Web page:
Hoffman said he was approached to sign the letter, but decided against it.

“I read it, and I thought, ‘There’s too much speculation,’” he explained, adding that he didn’t necessarily disagree with those who wrote or signed it. “To me, we needed more context, more facts before making a judgment about whether Russian intelligence was behind it. Piecemeal release of information, which skips the step of having the IC analyze what it means, just allows the issue to be used as more fodder in our hyper partisan debates — just like Ratcliffe.”

“That’s not what we should do. The intelligence community will give you analysis, based on all source intelligence,” he continued. “So you don’t just look at one report in particular, it’s everything all put together. And then you get a really good analytical product with those levels of low, medium, or high confidence.”

Center for Security Policy CEO and CIA veteran Fred Fleitz said that the letter and its lack of concrete evidence serves the interests of the media, not the intelligence community, and also furthers the Republican talking point that intelligence officials are out to get the current president, making “it harder to convince Trump and other Republicans that the intelligence community is of any value.”

“It has great value,” he said. “But how do you convince Trump with that now, after letters like this?”

Fleitz also lamented the way in which the media so often presents intelligence reports as either true or false, rather than as an informed opinion that doesn’t necessarily bind the president to any particular course of action.

“What is intelligence analysis — is it truth? No, it’s opinion,” he explained. “It is usually the best opinion around, it may be truthful, but the president is not obligated to follow the opinion of the intelligence community.”

By presenting intelligence reports as unimpeachable documents which require a prescribed policy response, the media conflates the role of politicians with that of intel officials, Shedd explained.

“The job of that intelligence professional is not to say, ‘Mr. President, or Mr. Secretary of Defense, or State, or Homeland Security, do this, this, and this, and all will be well if you make that choice,’” he said. “Rather, it’s for the policymaker to say, ‘if I do x, what will the reaction be, in the context of what we’re talking about notionally, of that adversary. How will they respond to it?’”

Hoffman pointed to the Obama administration’s successful takeout of Osama bin Laden as a good case of the dynamic.

“There was no 100 percent level of confidence he was there, because we didn’t confirm his presence. The president’s got to make a call, like he did on so many other occasions, with imperfect information,” he explained. “I think politics may have played a role in that too, and that’s fine, we all get that. What if the nation knew the president had a 50–50 shot of killing bin Laden and he didn’t take it? That’s politics, and it’s separate — entirely separate — from what we intelligence officers do, which is delivering the all-source analysis. What the president does with it, and the reasons for his decision — which extend beyond the intelligence he reads — is up to him.”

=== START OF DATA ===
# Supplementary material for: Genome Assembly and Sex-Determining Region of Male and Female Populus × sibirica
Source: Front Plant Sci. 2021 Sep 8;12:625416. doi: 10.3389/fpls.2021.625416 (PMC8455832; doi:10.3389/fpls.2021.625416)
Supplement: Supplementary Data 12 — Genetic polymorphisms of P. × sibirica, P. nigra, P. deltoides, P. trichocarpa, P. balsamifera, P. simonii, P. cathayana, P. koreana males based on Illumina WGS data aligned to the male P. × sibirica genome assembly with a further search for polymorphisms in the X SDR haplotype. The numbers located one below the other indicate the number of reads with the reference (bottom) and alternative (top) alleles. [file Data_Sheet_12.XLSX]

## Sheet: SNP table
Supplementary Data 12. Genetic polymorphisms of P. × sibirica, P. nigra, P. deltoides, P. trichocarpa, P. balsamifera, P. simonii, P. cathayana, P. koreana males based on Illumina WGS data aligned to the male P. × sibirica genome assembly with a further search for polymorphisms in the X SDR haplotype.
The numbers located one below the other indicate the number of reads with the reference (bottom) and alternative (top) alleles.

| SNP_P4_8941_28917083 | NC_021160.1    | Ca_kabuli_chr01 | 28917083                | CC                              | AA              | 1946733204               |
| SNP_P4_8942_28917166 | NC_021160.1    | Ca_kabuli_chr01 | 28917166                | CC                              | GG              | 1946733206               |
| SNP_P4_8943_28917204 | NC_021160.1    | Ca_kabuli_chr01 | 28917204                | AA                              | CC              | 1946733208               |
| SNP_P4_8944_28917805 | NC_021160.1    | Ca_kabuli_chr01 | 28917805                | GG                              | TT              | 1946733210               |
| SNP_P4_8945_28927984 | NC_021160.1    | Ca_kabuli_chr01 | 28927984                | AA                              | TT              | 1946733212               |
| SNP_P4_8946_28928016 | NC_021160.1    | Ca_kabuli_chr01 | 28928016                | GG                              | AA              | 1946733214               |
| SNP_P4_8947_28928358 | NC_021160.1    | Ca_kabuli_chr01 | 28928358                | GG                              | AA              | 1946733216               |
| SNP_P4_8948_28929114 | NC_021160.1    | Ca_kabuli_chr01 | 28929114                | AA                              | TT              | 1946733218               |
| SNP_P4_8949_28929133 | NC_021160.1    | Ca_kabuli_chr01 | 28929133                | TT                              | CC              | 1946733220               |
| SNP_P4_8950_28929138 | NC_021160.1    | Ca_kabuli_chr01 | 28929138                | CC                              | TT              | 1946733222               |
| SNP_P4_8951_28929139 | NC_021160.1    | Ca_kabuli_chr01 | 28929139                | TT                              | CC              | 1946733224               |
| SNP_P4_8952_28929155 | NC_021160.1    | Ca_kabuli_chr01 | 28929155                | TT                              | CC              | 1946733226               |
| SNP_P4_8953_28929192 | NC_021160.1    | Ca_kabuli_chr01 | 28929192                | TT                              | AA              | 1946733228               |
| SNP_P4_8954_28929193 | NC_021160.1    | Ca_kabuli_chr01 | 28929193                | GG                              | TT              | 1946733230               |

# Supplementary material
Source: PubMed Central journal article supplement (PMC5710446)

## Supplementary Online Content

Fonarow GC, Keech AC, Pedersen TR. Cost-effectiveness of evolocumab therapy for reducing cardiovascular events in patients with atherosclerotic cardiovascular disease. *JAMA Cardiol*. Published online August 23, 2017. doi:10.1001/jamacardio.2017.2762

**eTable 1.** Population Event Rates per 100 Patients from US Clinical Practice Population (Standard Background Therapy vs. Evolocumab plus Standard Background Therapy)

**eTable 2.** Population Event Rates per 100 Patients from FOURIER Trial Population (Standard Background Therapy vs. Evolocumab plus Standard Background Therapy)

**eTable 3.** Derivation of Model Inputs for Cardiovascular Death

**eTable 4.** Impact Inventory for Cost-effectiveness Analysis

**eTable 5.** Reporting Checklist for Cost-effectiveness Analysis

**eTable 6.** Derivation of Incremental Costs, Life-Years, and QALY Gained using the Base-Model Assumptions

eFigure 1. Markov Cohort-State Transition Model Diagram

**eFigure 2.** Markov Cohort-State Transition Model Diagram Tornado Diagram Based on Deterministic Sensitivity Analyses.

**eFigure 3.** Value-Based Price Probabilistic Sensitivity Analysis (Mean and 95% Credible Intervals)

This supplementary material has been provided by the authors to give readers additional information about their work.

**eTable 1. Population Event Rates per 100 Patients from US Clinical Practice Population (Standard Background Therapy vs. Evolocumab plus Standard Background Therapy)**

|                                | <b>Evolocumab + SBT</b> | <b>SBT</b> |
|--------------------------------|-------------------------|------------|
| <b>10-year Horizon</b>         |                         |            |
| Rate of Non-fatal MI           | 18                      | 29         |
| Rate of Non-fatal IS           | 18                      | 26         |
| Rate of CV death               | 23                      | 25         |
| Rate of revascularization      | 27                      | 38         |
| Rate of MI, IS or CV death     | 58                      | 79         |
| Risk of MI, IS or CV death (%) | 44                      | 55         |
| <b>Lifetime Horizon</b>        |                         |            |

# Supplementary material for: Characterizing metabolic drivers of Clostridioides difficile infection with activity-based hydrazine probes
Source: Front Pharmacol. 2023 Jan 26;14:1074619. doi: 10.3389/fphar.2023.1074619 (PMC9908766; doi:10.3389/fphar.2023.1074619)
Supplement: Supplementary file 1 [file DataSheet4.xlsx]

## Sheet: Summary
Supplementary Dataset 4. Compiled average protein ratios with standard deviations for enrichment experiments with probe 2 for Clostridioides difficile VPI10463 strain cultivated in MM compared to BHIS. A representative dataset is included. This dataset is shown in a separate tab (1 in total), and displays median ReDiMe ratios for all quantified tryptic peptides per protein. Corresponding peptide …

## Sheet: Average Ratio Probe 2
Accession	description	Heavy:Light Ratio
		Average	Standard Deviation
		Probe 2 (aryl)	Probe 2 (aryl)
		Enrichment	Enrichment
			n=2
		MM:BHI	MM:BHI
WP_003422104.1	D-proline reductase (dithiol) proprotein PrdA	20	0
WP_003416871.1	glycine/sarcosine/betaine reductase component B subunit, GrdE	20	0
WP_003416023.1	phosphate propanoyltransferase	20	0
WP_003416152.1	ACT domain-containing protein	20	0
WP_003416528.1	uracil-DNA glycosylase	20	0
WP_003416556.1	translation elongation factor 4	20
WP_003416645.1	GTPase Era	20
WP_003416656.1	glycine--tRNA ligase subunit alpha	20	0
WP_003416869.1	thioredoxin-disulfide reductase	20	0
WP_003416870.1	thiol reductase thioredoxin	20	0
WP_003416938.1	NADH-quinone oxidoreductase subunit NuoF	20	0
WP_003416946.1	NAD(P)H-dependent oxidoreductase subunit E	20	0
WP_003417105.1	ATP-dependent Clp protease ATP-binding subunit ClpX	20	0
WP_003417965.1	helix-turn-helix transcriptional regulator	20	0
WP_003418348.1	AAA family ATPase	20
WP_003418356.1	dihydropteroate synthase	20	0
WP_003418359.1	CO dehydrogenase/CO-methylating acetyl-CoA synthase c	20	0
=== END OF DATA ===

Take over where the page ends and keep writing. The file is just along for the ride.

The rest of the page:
In other words, intelligence requires context — and stripped of important nuance and points of disagreement, it can be weaponized. Take the “bombshell” Russian bounties story broken this past summer by the New York Times, for example.

After anonymous officials leaked assessments of a Russian bounty program that allegedly rewarded the Taliban for killing U.S. soldiers in Afghanistan, the media flooded the airwaves with questions about why the Trump administration had not acted, despite the intel’s presence in the president’s daily brief. The assumption? The authentic intel was “true.”

Much of the subsequent coverage turned into partisan attacks, amplified by a media trope that Trump’s “affinity” for Putin compromises his ability to govern. “Dissonance between Trump and administration officials over Russia disguises lack of strategic approach to Moscow,” an August headline in the Washington Post read. Joe Biden used the bounties story to argue that “not even American troops can feel safer under Trump,” while Trump complained the story was “fake news.”

But the reality is that the IC didn’t agree on the intelligence, even as the media reported on it and both political sides treated it as done-and-dusted. By the time things settled down, General Frank McKenzie — commander of the U.S. Central Command in Afghanistan — revealed in September that “it just has not been proved to a level of certainty that satisfies me.”

“We continue to look for that evidence. I just haven’t seen it yet,” he said.

Roule declined to comment on the bounty story specifically, and said it was “a valid question” for the media to focus on how policymakers respond to streams of intelligence. But he stipulated that the media’s insistence on covering intel stories from a purely political angle inevitably results in oversimplification and obscurantism.

“In those instances when a leak concerns alleged alarming information, we should also ask why the many smart and patriotic professionals in this collective body didn’t respond to the data,” he said. “Perhaps the information may not have been exactly what the story describes, or relevant policy makers initiated what they believed to be appropriate counter measures.”